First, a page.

So, you got the ball rolling in your company and realized your meeting rooms are up for an upgrade. Having a video conferencing meeting room doesn’t just serve a functional purpose, meeting room systems can be complex and pricey, so before wasting your time and money searching for the best video conferencing equipment for your meeting room, here are 5 tips to consider before purchasing one.
How do you choose video conferencing equipment for your meeting room?
- Solution modularity
- Video conferencing infrastructure
- Installation and maintenance
- Video conferencing features vs needs
- Meeting room size
Video conference equipment cost can range anywhere from $2K to $10K+. You’ll want to pick the right solution for your needs while staying within budget. There is a lot to consider and many options, but we’ll do our best to cover everything to help you make the best decision.
First point to consider is modularity. Some meeting room systems from Polycom and Cisco are limited in support to proprietary video conferencing peripherals like mics, speakers, cameras. This ensures you won’t encounter any compatibility problems between conference room device components in that set up but at the same time you are limited by choice. Other video conferencing solutions like Flipdock are modular, in that they are not limited to specific brands or models of peripherals, so that gives you more choice and allows the use of pre-owned mics, cameras, and speakers, saving cost and allowing customization or upgrade without having to change the entire system. If you decide to go with a non-proprietary solution, make sure you check the compatibility with other video conferencing gear.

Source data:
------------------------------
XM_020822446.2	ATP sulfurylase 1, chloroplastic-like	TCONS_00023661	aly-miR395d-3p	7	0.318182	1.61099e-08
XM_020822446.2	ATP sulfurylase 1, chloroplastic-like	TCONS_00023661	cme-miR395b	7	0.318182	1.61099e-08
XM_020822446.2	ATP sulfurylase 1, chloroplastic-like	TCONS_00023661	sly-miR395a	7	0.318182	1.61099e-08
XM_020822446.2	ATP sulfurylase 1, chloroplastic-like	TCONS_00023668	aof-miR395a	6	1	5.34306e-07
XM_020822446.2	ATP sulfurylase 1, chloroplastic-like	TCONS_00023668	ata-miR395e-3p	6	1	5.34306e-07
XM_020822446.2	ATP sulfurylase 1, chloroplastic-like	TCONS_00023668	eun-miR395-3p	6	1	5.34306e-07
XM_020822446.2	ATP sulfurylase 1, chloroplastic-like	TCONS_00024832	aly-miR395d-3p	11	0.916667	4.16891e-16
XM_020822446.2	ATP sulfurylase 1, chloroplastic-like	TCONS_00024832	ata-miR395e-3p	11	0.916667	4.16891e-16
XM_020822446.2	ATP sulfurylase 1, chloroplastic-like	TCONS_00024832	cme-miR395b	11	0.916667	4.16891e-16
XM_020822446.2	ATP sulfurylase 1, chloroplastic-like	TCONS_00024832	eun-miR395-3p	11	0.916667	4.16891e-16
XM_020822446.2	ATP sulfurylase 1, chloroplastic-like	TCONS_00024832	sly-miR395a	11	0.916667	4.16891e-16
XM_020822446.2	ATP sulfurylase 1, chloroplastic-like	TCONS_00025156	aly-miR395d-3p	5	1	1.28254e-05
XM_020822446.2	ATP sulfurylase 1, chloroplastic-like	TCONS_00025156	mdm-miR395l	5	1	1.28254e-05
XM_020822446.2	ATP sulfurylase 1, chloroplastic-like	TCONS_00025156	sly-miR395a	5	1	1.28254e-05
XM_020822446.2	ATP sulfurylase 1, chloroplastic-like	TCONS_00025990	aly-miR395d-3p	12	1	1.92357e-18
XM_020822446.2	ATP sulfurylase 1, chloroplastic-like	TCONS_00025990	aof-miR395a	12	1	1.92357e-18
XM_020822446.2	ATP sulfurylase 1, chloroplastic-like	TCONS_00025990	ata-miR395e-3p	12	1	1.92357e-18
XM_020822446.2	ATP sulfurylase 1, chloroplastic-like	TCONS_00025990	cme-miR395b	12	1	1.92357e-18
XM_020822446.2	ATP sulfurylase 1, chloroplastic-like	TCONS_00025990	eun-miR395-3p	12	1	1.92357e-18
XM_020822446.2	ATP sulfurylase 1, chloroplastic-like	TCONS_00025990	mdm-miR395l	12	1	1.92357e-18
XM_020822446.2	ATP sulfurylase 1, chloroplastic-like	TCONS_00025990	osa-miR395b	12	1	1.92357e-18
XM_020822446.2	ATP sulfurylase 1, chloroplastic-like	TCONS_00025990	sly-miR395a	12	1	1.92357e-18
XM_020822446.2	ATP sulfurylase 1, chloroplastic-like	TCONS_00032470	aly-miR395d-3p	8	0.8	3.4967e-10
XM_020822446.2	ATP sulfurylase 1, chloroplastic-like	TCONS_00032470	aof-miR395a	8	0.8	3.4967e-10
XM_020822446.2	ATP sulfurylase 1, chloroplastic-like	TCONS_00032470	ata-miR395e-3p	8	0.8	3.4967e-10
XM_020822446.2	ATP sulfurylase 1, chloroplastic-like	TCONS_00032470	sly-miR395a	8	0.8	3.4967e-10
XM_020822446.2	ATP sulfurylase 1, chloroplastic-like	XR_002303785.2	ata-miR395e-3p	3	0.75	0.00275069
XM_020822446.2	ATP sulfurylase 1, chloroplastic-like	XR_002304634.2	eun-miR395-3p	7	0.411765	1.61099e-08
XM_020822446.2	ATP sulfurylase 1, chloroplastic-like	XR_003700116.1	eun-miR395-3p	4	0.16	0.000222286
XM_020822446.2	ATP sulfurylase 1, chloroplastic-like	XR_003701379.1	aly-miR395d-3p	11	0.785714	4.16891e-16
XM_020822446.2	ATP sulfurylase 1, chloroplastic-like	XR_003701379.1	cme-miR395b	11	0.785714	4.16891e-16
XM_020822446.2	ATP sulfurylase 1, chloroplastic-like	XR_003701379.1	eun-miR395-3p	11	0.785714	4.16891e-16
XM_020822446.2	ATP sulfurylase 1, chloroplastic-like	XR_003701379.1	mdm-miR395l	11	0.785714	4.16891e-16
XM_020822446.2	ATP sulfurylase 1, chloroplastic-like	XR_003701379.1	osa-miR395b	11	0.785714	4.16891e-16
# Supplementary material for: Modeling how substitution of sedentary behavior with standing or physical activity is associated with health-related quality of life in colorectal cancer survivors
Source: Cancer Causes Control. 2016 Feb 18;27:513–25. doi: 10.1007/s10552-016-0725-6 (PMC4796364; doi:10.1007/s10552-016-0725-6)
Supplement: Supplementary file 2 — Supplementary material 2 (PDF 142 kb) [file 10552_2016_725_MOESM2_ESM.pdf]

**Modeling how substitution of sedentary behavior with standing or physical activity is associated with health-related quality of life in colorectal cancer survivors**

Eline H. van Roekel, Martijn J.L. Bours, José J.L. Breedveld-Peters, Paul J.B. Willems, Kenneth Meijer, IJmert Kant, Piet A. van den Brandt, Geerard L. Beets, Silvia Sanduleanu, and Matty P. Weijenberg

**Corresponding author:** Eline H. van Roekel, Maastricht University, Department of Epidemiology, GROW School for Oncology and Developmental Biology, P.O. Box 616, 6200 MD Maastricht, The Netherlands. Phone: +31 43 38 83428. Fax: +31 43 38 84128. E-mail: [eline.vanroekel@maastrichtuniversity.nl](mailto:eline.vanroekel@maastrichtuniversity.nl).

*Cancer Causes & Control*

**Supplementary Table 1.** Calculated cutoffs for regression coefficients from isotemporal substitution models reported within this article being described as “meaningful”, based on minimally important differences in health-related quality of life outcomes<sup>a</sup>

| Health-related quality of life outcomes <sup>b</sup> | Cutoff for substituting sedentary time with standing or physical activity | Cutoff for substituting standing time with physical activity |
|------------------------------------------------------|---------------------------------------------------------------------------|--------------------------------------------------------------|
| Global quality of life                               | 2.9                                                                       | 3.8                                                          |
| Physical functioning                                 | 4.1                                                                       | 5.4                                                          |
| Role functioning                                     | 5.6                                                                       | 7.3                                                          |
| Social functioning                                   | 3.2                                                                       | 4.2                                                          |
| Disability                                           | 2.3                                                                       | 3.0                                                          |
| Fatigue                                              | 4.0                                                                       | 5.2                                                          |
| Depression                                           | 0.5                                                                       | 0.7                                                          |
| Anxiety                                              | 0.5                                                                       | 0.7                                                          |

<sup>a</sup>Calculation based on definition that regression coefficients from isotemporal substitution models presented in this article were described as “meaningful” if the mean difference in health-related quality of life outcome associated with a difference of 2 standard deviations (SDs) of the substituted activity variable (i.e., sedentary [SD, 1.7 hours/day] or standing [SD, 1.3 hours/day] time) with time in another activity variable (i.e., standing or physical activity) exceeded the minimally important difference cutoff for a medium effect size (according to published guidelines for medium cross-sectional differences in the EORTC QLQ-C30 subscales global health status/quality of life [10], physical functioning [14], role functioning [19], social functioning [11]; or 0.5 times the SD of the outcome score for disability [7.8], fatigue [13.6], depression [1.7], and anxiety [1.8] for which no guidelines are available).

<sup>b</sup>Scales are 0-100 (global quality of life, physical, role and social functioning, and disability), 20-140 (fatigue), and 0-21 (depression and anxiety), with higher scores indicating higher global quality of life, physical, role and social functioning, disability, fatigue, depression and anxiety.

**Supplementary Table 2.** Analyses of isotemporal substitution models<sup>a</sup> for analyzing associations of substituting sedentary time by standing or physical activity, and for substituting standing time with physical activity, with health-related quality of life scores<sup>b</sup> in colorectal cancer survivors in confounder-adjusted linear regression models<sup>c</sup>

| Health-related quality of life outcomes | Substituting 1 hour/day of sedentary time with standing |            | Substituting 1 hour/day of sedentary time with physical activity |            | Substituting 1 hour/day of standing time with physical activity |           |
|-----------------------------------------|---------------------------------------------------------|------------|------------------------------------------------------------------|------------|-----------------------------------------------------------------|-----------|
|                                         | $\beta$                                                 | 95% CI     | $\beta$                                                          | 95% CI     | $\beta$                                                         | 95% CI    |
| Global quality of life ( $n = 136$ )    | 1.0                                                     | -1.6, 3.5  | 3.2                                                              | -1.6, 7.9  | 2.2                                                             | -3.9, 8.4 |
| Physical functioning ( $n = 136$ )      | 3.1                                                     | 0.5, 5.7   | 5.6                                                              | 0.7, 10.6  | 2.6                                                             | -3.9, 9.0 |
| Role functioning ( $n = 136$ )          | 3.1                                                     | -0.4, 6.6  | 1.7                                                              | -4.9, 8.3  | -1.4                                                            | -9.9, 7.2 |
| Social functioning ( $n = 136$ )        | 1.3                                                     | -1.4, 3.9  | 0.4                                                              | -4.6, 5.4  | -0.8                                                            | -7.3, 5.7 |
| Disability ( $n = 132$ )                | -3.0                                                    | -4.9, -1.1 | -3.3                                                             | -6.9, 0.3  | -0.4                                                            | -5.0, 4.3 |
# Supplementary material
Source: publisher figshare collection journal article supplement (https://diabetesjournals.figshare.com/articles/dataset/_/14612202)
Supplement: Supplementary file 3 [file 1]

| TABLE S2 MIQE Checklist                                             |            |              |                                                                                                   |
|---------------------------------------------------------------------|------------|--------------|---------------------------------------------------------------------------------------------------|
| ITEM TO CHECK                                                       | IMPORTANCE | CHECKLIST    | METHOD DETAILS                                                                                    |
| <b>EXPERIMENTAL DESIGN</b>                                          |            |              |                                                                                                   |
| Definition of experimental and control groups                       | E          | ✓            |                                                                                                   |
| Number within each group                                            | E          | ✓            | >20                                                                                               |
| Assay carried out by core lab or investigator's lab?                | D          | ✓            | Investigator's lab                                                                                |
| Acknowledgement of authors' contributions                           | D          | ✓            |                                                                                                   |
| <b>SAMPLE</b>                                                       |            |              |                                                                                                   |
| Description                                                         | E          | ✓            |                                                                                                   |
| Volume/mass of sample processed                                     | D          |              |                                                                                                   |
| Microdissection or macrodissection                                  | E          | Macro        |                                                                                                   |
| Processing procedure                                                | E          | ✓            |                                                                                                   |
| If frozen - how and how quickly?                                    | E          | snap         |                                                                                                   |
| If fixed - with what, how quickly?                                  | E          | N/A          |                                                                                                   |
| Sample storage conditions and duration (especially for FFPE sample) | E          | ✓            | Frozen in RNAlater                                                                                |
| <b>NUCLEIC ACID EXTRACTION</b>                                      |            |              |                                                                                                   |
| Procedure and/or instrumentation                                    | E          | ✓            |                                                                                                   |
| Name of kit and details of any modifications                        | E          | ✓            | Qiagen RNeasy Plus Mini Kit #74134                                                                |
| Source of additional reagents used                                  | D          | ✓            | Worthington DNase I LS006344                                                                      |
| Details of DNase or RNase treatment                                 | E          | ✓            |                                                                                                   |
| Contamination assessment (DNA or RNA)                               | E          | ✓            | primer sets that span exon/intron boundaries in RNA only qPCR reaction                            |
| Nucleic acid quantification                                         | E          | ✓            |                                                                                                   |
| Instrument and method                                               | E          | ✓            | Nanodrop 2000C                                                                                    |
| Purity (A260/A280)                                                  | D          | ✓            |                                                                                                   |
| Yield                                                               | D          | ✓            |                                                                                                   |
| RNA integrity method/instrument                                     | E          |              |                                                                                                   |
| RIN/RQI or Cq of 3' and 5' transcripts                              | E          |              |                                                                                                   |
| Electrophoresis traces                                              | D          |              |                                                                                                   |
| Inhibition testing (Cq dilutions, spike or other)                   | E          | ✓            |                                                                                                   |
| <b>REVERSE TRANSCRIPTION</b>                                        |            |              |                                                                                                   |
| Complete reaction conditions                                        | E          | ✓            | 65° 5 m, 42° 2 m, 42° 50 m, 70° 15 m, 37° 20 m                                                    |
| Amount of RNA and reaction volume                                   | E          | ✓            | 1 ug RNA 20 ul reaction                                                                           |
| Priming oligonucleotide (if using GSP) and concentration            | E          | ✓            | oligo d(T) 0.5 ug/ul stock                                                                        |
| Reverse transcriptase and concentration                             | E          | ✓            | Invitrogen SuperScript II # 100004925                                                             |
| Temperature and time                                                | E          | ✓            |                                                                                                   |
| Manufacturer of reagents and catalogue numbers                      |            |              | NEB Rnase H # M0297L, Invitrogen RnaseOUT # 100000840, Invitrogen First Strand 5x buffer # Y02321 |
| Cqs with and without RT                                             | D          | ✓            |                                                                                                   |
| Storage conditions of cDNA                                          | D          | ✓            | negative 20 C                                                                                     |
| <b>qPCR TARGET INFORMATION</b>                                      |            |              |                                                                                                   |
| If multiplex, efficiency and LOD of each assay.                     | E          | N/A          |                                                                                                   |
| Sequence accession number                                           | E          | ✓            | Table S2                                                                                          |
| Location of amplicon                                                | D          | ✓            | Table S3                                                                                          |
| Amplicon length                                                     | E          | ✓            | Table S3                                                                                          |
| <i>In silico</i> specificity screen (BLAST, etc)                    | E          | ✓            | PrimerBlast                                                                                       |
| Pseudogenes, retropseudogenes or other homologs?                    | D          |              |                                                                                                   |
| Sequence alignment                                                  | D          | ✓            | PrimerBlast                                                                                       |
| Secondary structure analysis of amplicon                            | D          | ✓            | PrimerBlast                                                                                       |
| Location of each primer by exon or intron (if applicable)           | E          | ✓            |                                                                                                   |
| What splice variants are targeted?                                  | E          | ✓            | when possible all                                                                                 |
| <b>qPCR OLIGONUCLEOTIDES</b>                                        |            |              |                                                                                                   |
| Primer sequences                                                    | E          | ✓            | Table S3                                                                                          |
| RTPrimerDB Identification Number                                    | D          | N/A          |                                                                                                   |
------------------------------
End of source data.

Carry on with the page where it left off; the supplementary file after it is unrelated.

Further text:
Video Conferencing Infrastructure
There are three types of UC&C (Unified Communication and Collaboration) deployments to choose from; on-premise, cloud, or hybrid.
With cloud deployment, your entire infrastructure can be ready in a matter of minutes, fully hosted and managed by the service provider. Cloud hosting is the best option for startups and smaller enterprises and offers high-availability and up-time with a convenient pay-per-use model based on your actual consumption and number of users.
In an on-premise deployment, your infrastructure is locally hosted in your own physical data centers and managed by your inhouse IT staff. This type of deployment typically offers the highest levels of security, because you are in full control over your infrastructure.
Hybrid deployment is simply a combination of both on-premise and cloud hosting and offers flexibility as it allows workloads to shift between the two when capacity, needs, and costs change.
Choosing the type of infrastructure for your company is not an easy decision to make. Either to deploy an on-premise infrastructure and managing it inhouse, migrate to the cloud, or a hybrid infrastructure, you need to make sure that your choice of video conferencing system and the accompanying peripherals are compatible with your deployment now, or in the future. Video conferencing solutions like Flipdock support on-premise, cloud, and hybrid deployments of Skype for Business.
Installation and Maintenance